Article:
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Legal changes

Harpur Trust v Brazel: Consultation proposes tidy-up of complex holiday pay rules

Holiday pay is messy and complicated and a recent Supreme Court decision has arguably made the position even trickier for many employers.

In light of this, the Department of Business, Energy and Industrial Strategy (BEIS) has launched a public consultation on changing the method used to calculate the holiday entitlement of part-year and irregular hours workers.

The Harpur Decision

In Harpur Trust v Brazel the Supreme Court held that part-year workers on permanent contracts are entitled to 5.6 weeks paid annual leave, which should not be pro-rated according to the number of hours they work.

Key impacts of the Harpur are that:

  • part-year workers may receive a greater holiday entitlement than part-time workers who work the same total number of hours across the year
  • workers who work only a few weeks in a year may receive a holiday entitlement that is disproportionate to the hours they work.

The proposals in the consultation paper are intended to address these disparities and to make the law easier to understand and comply with.

The ‘Holiday entitlement reference period’

Essentially, the government intends to override the Harpur judgement by amending the Working Time Regulations (WTR) to allow employers to pro-rate a part-year worker’s holiday entitlement to reflect the number of hours work they do in the year.

The consultation proposes to introduce a new 52-week holiday entitlement reference period for part-year and irregular hours workers. This reference period would include weeks in which no work is performed. This would ensure that holiday pay and entitlement received by workers is proportionate to the time they spend working during the year.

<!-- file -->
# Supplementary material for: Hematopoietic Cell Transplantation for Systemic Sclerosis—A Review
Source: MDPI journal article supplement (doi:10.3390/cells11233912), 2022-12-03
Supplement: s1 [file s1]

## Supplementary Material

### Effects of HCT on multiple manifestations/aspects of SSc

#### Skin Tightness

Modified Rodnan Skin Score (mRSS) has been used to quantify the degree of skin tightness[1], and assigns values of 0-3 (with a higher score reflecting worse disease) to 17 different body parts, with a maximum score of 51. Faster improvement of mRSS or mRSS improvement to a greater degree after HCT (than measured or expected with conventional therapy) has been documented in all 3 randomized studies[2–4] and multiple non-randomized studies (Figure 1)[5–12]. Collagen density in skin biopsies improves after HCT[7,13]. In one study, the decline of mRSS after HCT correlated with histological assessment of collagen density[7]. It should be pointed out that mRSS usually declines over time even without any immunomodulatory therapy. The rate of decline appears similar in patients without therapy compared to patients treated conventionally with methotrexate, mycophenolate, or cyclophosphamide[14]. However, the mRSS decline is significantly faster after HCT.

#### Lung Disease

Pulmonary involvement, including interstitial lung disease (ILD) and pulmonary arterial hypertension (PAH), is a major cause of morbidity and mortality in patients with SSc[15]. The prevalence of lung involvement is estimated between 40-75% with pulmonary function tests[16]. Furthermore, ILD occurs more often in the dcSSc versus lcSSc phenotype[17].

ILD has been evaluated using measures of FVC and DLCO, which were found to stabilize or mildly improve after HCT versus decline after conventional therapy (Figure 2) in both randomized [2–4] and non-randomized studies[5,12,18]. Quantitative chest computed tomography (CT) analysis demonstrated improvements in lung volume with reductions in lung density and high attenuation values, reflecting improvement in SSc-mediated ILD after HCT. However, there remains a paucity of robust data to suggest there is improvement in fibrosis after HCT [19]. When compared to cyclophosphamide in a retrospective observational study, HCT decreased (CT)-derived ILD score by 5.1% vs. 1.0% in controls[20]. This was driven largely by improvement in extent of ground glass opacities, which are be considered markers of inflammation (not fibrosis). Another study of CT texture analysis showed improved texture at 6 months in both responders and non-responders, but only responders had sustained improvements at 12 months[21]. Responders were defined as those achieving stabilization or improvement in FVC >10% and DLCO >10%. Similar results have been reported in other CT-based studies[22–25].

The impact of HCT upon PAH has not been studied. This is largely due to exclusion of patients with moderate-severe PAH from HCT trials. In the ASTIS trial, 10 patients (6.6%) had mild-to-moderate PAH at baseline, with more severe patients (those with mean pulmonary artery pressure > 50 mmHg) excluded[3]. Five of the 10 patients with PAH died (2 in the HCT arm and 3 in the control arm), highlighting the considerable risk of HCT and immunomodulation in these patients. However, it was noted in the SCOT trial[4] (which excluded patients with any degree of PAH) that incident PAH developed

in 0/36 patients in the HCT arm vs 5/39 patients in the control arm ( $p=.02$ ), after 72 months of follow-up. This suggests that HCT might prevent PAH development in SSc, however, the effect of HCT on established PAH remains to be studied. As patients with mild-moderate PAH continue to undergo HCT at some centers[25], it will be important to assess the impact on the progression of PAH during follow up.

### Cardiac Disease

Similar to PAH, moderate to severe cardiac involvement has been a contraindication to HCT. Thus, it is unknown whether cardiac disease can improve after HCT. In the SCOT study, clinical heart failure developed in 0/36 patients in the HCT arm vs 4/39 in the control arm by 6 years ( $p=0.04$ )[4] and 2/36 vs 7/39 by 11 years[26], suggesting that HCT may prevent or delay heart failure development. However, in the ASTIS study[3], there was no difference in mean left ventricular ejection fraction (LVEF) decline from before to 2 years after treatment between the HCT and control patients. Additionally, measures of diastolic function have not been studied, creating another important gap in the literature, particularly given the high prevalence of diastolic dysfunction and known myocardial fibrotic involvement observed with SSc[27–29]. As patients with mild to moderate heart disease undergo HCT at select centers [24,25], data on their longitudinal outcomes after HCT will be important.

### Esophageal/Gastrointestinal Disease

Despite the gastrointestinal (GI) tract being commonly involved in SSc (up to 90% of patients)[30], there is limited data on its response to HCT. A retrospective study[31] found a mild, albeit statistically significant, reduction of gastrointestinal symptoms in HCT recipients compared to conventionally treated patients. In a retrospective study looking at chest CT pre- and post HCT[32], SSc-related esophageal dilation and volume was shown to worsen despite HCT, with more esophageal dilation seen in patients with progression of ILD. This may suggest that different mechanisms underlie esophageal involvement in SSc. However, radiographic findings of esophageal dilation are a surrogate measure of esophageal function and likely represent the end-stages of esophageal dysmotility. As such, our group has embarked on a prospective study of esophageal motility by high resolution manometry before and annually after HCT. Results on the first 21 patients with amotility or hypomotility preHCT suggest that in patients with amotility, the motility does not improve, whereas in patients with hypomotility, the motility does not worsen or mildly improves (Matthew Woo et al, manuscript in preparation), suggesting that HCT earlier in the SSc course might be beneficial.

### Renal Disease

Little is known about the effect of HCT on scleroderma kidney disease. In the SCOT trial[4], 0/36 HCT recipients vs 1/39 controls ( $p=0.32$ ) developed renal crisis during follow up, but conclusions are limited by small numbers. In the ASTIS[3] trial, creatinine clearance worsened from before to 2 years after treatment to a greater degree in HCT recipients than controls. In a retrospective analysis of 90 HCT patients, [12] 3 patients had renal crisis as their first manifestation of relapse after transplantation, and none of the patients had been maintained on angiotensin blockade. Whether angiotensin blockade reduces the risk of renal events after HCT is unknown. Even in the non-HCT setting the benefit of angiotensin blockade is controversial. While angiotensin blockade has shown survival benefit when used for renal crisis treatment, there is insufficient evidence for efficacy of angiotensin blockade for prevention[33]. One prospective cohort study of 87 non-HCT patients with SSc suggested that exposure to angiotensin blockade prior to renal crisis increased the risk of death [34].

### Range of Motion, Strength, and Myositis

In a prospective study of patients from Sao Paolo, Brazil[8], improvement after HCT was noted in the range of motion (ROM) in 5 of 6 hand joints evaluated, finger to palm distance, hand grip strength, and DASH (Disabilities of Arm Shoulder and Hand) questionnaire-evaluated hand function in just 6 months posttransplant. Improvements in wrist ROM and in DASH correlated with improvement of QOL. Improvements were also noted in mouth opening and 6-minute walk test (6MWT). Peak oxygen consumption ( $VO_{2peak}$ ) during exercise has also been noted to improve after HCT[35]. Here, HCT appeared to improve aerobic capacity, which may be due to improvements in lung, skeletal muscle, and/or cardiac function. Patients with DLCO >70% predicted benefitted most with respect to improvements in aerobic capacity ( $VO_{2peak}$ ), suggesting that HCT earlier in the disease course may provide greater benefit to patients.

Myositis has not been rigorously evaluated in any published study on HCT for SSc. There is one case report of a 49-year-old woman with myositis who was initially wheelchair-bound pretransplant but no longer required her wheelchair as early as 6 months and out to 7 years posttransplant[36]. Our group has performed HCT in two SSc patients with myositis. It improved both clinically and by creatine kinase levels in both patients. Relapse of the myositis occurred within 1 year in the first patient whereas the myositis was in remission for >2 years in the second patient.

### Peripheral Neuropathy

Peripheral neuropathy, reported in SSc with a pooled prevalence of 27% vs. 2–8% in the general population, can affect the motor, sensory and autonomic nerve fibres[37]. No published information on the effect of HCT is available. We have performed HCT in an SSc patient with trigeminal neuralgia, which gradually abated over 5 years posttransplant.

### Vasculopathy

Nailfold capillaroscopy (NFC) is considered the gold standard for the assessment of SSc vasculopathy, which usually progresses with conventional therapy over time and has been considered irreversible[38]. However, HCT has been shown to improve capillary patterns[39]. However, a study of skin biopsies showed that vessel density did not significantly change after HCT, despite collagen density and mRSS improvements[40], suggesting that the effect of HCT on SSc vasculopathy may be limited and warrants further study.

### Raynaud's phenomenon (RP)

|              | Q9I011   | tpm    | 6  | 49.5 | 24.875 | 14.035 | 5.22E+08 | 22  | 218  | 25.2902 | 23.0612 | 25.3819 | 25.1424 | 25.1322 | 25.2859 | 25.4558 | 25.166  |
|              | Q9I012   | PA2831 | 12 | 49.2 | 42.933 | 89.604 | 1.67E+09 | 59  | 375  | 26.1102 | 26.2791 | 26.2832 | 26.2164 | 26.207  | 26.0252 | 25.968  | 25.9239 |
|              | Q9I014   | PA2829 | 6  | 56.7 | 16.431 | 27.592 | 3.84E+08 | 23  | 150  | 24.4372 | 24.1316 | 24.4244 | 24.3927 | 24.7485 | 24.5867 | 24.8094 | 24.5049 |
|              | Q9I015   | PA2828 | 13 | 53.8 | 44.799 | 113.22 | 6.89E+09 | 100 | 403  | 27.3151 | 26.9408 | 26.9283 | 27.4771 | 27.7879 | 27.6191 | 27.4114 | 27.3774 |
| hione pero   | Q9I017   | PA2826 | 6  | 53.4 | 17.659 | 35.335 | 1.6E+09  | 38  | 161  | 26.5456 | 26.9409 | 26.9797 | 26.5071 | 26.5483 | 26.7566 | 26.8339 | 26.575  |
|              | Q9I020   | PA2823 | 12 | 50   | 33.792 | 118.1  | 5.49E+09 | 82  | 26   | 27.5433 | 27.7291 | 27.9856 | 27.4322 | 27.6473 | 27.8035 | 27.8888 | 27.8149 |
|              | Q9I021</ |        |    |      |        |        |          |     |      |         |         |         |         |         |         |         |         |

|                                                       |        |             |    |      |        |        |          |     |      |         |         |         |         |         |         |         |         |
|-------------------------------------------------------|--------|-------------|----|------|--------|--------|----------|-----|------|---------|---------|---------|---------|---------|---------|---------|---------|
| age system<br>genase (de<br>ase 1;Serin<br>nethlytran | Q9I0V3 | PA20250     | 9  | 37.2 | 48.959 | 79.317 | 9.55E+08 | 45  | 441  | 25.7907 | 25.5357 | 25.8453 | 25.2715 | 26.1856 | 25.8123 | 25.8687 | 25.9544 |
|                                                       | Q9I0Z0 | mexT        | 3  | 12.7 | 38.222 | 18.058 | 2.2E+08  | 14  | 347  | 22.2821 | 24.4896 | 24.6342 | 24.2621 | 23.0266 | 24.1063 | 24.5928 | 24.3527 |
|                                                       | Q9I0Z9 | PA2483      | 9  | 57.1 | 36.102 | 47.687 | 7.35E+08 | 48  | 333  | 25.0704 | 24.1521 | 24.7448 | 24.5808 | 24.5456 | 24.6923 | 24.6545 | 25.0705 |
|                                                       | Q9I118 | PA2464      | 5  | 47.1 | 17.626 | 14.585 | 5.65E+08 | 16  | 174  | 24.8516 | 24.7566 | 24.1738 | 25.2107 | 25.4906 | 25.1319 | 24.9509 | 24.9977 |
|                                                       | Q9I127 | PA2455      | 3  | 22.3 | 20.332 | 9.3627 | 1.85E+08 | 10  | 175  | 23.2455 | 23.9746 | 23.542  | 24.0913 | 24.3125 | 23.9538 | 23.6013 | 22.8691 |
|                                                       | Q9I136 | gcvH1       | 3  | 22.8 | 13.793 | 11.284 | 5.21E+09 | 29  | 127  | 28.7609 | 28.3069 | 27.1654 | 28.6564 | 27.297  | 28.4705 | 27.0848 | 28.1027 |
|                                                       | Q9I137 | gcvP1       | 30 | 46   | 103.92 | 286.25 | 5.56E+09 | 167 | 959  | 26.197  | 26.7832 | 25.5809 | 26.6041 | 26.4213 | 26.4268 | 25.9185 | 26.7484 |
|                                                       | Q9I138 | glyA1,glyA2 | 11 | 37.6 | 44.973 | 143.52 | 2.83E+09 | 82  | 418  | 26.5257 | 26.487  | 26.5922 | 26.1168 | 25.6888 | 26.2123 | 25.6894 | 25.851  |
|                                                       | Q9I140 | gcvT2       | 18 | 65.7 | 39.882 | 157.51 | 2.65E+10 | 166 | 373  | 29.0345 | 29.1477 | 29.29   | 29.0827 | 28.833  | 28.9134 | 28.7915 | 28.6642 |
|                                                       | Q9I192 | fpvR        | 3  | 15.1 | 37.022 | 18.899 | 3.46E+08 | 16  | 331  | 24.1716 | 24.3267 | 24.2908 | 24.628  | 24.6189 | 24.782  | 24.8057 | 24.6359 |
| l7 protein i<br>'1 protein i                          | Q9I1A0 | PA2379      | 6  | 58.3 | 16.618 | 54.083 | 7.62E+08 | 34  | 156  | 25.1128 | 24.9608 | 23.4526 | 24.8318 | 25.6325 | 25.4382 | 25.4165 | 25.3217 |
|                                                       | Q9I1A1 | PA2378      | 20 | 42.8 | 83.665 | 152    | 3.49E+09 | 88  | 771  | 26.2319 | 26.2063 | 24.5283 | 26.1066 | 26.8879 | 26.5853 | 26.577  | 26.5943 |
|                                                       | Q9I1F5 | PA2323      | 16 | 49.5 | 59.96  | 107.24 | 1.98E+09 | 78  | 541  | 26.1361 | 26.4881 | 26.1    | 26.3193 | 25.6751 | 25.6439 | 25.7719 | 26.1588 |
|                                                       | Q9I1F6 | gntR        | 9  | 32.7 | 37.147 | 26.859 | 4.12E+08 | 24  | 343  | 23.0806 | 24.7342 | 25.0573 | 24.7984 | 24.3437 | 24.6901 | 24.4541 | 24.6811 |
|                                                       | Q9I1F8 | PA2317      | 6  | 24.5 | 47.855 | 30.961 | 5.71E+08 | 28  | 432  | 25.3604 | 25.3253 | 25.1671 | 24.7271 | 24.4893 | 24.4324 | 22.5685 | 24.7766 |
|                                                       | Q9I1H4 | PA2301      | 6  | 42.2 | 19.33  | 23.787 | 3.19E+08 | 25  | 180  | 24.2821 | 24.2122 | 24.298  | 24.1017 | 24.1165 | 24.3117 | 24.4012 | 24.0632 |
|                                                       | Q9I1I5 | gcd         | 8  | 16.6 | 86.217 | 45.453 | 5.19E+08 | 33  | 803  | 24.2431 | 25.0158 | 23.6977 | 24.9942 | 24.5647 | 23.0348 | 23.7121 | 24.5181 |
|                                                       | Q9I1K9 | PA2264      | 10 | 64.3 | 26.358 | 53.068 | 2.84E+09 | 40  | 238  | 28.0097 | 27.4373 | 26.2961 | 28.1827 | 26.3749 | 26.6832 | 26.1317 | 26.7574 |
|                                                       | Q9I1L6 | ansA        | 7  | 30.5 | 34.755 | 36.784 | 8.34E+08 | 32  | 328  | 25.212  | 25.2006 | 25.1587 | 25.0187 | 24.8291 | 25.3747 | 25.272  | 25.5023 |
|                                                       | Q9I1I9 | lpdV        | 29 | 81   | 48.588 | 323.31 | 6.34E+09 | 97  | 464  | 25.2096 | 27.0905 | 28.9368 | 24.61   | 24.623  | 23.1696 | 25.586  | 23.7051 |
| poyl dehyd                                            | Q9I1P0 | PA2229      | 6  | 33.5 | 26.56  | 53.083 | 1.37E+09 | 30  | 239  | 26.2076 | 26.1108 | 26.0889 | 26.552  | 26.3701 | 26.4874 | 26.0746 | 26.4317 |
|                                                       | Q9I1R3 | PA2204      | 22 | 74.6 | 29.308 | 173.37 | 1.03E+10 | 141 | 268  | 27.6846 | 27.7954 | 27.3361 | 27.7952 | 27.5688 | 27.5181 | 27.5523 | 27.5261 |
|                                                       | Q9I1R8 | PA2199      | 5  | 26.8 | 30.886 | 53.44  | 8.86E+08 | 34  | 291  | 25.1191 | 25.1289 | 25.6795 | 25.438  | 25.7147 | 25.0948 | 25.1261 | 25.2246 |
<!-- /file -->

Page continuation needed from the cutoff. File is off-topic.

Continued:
Holiday pay (as opposed to holiday entitlement) is already calculated using a 52-week reference period (although any weeks in which no work is performed are ignored for the purposes of this calculation, and replaced with earlier paid weeks, going back no further than the previous 104 weeks). It is not proposed that this will change.

The consultation suggests that the holiday entitlement and holiday pay reference periods should be equal in length for consistency. However, this does not mean that employers would necessarily use the exact same 52 weeks of data to calculate holiday entitlement and pay for an irregular hours worker. It is proposed that the holiday entitlement reference period will be a fixed period of the preceding 52 weeks. However, the holiday pay reference period may stretch back beyond that, to take in the last 52 weeks in which the worker actually performed work.

The consultation document acknowledges that this proposed approach will mean that the holiday entitlement and holiday pay reference periods ‘diverge slightly in their operation’ but ‘will more closely align workers’ holiday entitlement with the time they spend working’.

The calculation

The government proposes a two-step method of calculation for working out holiday pay entitlement as follows:

  • Calculate the total hours a worker has worked in the previous 52 weeks, including those weeks where no work is performed (the ‘holiday entitlement reference period’)
  • Multiply the total hours worked by 12.07% to give the worker’s total statutory annual leave entitlement in hours.

The consultation document sets out some useful worked examples to show how this might operate in practice.

12.07% will be a familiar figure to employers of part-year/irregular hours workers. It represents the statutory entitlement of 5.6 weeks annual leave, expressed as a percentage of the remaining 46.4 working weeks in the year (5.6/46.4 x 100).

A ‘fixed pot’ of leave

The consultation also proposes that, at the beginning of a new leave year, an employer should be able to set a fixed annual leave entitlement for a part-year/irregular hours worker, based on the previous 52-week leave year.